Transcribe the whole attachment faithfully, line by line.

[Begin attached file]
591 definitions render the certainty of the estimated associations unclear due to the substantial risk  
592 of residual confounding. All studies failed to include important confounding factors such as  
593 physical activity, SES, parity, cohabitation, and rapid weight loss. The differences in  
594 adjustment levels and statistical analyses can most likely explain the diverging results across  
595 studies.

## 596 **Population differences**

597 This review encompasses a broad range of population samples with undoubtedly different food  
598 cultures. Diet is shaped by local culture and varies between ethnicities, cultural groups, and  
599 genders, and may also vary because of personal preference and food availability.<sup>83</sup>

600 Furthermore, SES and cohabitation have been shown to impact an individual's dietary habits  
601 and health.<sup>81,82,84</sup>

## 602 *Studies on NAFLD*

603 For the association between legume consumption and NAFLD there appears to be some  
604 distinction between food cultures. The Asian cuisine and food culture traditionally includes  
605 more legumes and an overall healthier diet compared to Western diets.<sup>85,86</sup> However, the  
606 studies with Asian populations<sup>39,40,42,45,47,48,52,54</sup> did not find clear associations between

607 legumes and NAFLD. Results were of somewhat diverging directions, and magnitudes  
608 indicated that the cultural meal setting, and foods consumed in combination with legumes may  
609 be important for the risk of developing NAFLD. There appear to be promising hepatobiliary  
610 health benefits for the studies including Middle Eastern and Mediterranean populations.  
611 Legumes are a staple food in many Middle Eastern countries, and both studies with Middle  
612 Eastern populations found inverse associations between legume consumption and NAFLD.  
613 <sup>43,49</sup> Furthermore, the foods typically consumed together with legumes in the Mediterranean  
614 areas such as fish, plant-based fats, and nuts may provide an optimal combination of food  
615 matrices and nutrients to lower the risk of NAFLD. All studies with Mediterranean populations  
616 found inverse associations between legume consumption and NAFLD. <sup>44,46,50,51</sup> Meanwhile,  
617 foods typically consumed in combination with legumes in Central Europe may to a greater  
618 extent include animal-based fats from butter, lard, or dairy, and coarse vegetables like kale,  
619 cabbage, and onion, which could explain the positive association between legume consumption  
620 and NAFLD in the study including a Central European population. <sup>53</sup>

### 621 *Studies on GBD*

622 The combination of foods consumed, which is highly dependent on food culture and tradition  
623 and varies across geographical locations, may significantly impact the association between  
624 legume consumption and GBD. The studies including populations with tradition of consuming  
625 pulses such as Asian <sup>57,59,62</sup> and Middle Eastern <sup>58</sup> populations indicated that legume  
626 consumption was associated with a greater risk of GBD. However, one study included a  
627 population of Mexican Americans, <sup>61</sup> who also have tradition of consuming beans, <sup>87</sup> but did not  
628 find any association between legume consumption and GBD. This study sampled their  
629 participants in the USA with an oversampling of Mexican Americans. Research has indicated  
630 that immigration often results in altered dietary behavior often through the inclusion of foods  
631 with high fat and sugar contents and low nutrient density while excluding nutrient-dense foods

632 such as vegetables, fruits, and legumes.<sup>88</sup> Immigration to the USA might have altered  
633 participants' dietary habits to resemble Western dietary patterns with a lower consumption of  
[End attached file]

591 definitions render the certainty of the estimated associations unclear due to the substantial risk  
592 of residual confounding. All studies failed to include important confounding factors such as  
593 physical activity, SES, parity, cohabitation, and rapid weight loss. The differences in  
594 adjustment levels and statistical analyses can most likely explain the diverging results across  
595 studies.

## 596 **Population differences**

597 This review encompasses a broad range of population samples with undoubtedly different food  
598 cultures. Diet is shaped by local culture and varies between ethnicities, cultural groups, and  
599 genders, and may also vary because of personal preference and food availability.<sup>83</sup>

600 Furthermore, SES and cohabitation have been shown to impact an individual's dietary habits  
601 and health.<sup>81,82,84</sup>

## 602 *Studies on NAFLD*

603 For the association between legume consumption and NAFLD there appears to be some  
604 distinction between food cultures. The Asian cuisine and food culture traditionally includes  
605 more legumes and an overall healthier diet compared to Western diets.<sup>85,86</sup> However, the  
606 studies with Asian populations<sup>39,40,42,45,47,48,52,54</sup> did not find clear associations between

607 legumes and NAFLD. Results were of somewhat diverging directions, and magnitudes  
608 indicated that the cultural meal setting, and foods consumed in combination with legumes may  
609 be important for the risk of developing NAFLD. There appear to be promising hepatobiliary  
610 health benefits for the studies including Middle Eastern and Mediterranean populations.  
611 Legumes are a staple food in many Middle Eastern countries, and both studies with Middle  
612 Eastern populations found inverse associations between legume consumption and NAFLD.  
613 <sup>43,49</sup> Furthermore, the foods typically consumed together with legumes in the Mediterranean  
614 areas such as fish, plant-based fats, and nuts may provide an optimal combination of food  
615 matrices and nutrients to lower the risk of NAFLD. All studies with Mediterranean populations  
616 found inverse associations between legume consumption and NAFLD. <sup>44,46,50,51</sup> Meanwhile,  
617 foods typically consumed in combination with legumes in Central Europe may to a greater  
618 extent include animal-based fats from butter, lard, or dairy, and coarse vegetables like kale,  
619 cabbage, and onion, which could explain the positive association between legume consumption  
620 and NAFLD in the study including a Central European population. <sup>53</sup>

### 621 *Studies on GBD*

622 The combination of foods consumed, which is highly dependent on food culture and tradition  
623 and varies across geographical locations, may significantly impact the association between  
624 legume consumption and GBD. The studies including populations with tradition of consuming  
625 pulses such as Asian <sup>57,59,62</sup> and Middle Eastern <sup>58</sup> populations indicated that legume  
626 consumption was associated with a greater risk of GBD. However, one study included a  
627 population of Mexican Americans, <sup>61</sup> who also have tradition of consuming beans, <sup>87</sup> but did not  
628 find any association between legume consumption and GBD. This study sampled their  
629 participants in the USA with an oversampling of Mexican Americans. Research has indicated  
630 that immigration often results in altered dietary behavior often through the inclusion of foods  
631 with high fat and sugar contents and low nutrient density while excluding nutrient-dense foods

632 such as vegetables, fruits, and legumes.<sup>88</sup> Immigration to the USA might have altered  
633 participants' dietary habits to resemble Western dietary patterns with a lower consumption of  